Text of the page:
Mitt Romney, the Republican Party's presumptive presidential candidate, made his first attempts to gain critical support from Latino voters this month, but failed to confront his own negative record on issues of high priority to Latino voters.
During a primary race stop in New Hampshire Jan. 9, he spoke of the need to "convince more Latino Americans to vote Republican" if the GOP wants to be competitive in November against the Democrats and Barack Obama, who is already campaigning for reelection.
Running against John McCain in 2008, Obama won 67 percent of the Latino vote.
On Jan. 11 Romney released his first Spanish-language television ad in Florida's Miami-Dade County, which is heavily populated by Latinos. In a televised Sept. 22 GOP debate, he attacked Texas Gov. Rick Perry for having signed into law 10 years ago a bill granting in-state tuition at the Lone Star State's public universities and colleges and reaffirmed that he would not support an immigration reform proposal to legalize any of the nation's 11 million undocumented persons.
In an interview with Univisión Jan. 11, Rep. Xavier Becerra (D-Calif.) commented that if Romney is serious about trying to recruit Latinos to vote for him, he must change his tough stance on immigration. "He's right that he has to attract Latino voters. He's wrong in that every time he says something, he does
anything but attract Latinos to his candidacy," Becerra said.
Romney also stated during a Dec. 31 campaign stop in New Hampshire that, if elected, he would veto the DREAM Act.
On Jan. 11, the same day his campaign released the Spanish-language commercial, Romney enthusiastically accepted the endorsement of Kansas Secretary of State Kris Kobach, who helped shape Arizona's and Alabama's immigration laws. Kobach is active with the Federation for American Immigration Reform, an organization the Southern Poverty Law Center has identified as a "hate group."
Adam Busto, president of Somos Republicans, points to Romney's endorsement from Kobach as well as his stances on immigration and the DREAM Act as examples of how the candidate is out of touch with issues important to Latinos. Somos Republicans is the country's largest such organization, with 6,000 members. Busto said that unless Romney changes his stance on the DREAM Act, the group would not support him if he becomes the Republican nominee. His group would even consider supporting a Democrat or a presidential candidate from another party, he told Hispanic Link.
Romney's release of the Spanish commercial comes just a couple weeks before the Jan. 31 primaries in Florida, where 22.5 percent of the state's population is Latino.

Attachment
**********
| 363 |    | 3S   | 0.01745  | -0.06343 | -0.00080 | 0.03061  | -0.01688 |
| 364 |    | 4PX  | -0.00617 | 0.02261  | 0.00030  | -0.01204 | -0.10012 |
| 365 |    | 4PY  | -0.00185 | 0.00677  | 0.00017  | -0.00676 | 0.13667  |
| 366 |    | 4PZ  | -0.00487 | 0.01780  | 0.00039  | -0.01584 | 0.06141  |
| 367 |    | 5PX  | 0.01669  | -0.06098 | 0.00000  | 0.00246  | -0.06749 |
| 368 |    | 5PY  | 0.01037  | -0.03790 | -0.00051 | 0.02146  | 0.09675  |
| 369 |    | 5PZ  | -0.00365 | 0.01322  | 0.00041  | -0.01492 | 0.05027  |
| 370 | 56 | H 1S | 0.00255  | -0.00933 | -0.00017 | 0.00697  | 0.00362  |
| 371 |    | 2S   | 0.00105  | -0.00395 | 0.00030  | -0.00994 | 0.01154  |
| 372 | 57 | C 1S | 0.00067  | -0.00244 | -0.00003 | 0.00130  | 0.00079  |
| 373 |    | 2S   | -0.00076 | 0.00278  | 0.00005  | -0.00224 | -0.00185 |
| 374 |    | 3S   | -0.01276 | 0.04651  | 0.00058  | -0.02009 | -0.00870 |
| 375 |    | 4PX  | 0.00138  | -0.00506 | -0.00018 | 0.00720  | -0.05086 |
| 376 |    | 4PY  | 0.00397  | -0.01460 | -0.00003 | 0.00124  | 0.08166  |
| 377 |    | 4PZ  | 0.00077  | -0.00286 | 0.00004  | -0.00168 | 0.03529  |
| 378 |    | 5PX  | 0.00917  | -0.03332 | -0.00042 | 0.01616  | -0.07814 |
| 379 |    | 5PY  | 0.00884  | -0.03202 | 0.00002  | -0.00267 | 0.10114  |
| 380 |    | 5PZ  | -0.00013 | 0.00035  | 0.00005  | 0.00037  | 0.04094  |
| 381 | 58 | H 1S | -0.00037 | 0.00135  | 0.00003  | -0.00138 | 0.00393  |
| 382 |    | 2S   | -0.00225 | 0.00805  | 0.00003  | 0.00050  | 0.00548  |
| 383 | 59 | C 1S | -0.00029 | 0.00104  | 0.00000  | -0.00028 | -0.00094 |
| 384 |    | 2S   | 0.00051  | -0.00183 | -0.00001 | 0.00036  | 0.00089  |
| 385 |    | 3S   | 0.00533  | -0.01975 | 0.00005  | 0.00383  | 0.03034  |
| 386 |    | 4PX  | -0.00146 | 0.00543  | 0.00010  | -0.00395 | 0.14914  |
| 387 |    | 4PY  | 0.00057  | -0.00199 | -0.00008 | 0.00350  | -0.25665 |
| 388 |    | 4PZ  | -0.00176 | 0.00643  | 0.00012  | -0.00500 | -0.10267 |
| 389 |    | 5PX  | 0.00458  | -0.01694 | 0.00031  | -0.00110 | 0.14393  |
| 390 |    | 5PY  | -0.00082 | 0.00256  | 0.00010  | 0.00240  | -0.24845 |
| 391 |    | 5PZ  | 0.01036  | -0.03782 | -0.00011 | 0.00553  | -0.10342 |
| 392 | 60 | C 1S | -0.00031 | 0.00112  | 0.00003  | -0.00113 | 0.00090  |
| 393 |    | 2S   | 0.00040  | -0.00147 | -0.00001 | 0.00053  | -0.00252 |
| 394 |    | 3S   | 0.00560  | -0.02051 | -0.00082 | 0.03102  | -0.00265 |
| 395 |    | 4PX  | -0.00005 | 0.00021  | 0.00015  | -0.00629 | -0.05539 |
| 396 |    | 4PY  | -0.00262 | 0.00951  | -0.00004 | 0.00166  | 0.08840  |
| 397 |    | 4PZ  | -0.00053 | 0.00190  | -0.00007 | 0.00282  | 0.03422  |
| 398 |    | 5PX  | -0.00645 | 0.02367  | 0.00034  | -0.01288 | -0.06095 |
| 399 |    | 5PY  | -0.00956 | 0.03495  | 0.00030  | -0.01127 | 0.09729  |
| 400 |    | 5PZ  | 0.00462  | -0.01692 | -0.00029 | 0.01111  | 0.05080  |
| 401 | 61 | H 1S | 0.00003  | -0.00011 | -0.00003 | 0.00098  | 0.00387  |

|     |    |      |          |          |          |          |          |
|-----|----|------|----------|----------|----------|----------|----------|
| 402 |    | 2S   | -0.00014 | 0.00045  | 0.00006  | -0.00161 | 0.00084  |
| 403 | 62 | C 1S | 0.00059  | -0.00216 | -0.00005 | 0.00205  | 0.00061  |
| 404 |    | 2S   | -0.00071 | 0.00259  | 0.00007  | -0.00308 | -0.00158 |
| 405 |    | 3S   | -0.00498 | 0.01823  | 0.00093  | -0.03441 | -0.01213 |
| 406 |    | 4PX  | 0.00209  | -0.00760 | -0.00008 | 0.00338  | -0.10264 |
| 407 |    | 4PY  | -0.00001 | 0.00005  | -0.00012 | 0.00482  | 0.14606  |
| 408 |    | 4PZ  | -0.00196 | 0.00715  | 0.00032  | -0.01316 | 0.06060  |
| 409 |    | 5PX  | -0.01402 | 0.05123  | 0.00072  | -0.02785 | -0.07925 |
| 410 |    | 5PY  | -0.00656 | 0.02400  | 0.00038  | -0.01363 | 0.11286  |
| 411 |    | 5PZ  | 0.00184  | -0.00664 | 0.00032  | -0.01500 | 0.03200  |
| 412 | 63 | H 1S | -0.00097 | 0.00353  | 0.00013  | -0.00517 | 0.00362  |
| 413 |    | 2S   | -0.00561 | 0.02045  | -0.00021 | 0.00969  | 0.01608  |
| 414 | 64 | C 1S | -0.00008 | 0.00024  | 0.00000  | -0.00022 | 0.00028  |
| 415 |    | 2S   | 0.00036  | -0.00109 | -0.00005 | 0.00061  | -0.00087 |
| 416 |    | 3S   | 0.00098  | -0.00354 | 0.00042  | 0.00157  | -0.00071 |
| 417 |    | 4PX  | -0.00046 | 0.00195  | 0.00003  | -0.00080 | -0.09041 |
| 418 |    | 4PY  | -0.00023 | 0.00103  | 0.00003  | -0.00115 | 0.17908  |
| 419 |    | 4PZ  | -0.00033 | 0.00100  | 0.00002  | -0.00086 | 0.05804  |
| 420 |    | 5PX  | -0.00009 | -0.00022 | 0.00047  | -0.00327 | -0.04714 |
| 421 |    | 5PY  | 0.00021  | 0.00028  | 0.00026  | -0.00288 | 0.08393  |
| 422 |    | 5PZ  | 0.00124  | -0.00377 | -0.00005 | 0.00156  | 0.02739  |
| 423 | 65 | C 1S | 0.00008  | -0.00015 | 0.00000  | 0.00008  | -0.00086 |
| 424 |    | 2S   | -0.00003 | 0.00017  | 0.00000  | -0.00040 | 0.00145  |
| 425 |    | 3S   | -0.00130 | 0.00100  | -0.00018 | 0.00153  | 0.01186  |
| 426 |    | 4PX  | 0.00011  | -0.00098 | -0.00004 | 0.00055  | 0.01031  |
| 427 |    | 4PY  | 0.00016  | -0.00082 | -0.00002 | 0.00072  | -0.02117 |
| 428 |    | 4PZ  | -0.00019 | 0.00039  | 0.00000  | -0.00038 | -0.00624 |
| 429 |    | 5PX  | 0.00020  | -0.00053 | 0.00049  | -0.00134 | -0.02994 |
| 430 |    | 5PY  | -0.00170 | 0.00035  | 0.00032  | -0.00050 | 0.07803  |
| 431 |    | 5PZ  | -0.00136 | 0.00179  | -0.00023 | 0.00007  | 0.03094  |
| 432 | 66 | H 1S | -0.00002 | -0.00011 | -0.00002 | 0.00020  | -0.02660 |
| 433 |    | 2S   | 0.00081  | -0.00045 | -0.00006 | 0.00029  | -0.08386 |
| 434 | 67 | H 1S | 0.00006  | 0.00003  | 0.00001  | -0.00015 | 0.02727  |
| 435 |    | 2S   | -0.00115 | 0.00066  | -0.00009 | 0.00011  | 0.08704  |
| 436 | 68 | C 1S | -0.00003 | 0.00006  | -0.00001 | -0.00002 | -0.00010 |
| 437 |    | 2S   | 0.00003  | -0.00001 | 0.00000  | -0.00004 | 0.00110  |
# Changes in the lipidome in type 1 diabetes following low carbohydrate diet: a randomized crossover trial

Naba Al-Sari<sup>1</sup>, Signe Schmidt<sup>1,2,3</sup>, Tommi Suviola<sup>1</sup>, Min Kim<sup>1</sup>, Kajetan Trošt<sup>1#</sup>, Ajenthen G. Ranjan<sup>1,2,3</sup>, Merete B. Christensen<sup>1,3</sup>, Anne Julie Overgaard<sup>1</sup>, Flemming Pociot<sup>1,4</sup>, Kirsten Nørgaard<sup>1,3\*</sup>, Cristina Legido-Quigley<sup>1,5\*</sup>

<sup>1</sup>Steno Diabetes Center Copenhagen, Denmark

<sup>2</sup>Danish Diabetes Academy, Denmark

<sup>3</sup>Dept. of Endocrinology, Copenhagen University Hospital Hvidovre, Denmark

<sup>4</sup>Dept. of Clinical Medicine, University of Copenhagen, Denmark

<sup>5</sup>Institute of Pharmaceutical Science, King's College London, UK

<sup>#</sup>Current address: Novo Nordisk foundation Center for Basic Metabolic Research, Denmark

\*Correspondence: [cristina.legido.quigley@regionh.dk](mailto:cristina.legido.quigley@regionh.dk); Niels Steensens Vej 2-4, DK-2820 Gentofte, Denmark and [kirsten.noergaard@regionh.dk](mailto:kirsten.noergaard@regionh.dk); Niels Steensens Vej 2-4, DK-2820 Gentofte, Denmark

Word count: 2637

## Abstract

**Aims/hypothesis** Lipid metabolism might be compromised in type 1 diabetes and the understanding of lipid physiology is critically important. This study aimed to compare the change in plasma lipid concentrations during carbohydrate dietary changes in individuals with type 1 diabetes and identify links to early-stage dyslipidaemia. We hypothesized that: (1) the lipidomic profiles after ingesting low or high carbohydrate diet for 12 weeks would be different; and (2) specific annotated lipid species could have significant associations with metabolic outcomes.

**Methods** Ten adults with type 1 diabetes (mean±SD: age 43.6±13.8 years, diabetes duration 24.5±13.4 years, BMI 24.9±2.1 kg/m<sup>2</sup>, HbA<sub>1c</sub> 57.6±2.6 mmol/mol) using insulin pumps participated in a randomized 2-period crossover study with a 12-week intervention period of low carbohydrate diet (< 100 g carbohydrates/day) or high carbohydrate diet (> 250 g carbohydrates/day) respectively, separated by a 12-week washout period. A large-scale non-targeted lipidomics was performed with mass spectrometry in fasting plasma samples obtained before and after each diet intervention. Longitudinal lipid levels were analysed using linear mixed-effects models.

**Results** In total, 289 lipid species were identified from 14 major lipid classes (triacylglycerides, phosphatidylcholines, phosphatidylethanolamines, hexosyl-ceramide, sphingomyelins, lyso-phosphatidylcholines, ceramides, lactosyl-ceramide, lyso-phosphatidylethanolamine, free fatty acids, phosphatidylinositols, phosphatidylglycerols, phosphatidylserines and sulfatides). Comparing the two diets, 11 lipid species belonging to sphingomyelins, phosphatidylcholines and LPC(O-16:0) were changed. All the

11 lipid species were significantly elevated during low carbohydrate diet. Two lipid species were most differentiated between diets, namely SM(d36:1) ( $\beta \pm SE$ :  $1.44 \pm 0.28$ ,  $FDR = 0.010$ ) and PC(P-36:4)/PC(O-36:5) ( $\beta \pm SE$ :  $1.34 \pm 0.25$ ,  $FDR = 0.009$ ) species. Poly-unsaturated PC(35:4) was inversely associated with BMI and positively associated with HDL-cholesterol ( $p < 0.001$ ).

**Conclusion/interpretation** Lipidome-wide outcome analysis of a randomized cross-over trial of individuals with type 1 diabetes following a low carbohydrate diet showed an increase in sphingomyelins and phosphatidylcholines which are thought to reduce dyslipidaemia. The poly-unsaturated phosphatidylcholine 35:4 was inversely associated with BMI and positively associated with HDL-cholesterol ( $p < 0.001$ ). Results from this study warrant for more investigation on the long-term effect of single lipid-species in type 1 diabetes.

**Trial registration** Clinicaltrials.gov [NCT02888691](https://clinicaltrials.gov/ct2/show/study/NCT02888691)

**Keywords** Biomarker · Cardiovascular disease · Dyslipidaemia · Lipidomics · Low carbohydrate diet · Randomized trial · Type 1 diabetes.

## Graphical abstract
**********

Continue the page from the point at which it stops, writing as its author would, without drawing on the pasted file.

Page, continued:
The commercial, titled Nosotros (Us), aired in Miami-Dade County where 72 percent of registered Republicans are Latino, mostly Cuban. It starts with Craig Romney, the former Massachusetts governor's son, talking in Spanish about his father's values. Congress members Ileana Ros-Lehtinen and Mario Díaz- Balart, along with Mario's brother and former congressman Lincoln Díaz-Balart,
elaborated on Romney's plans to create jobs and "restore this country's national security."
Romney won the Jan. 3 Iowa caucus and Jan. 9 New Hampshire primary. The next vote is Jan. 21 in South Carolina, where a recent poll shows a close contest brewing between Newt Gingrich, Rick Santorum and Romney.
On Jan. 16 former Utah Gov. Jon Huntsman, who ran third in New Hampshire, withdrew from the primary and endorsed Romney.
Gingrich concedes that if Romney wins in South Carolina, "he's probably going to be the nominee." He also points to how Romney’s campaign funding advantage gives him a boost. In the last three months of 2011, Romney raised $24 million while Ron Paul and Gingrich combined raised $22 million.
Busto states, "Any candidate that has the Latino support behind him could win the presidency" but Romney won’t get support from Republican Latinos "if he's going to veto the DREAM Act, like he claims, and if he's going to accept the support of people like Kris Kobach."
Somos Republicans is also calling for the Florida delegation in Congress to renounce its support of Romney.
Most analysts claim a GOP candidate must gain at least 40 percent of the Hispanic vote to win the White House. A Dec. 28 Pew Hispanic Center poll showed in a match-up with Obama, Romney would get 23 percent of that vote while President Obama would get 68 percent.
Griselda Nevárez is a reporter with Hispanic Link News Service in Washington, D.C.
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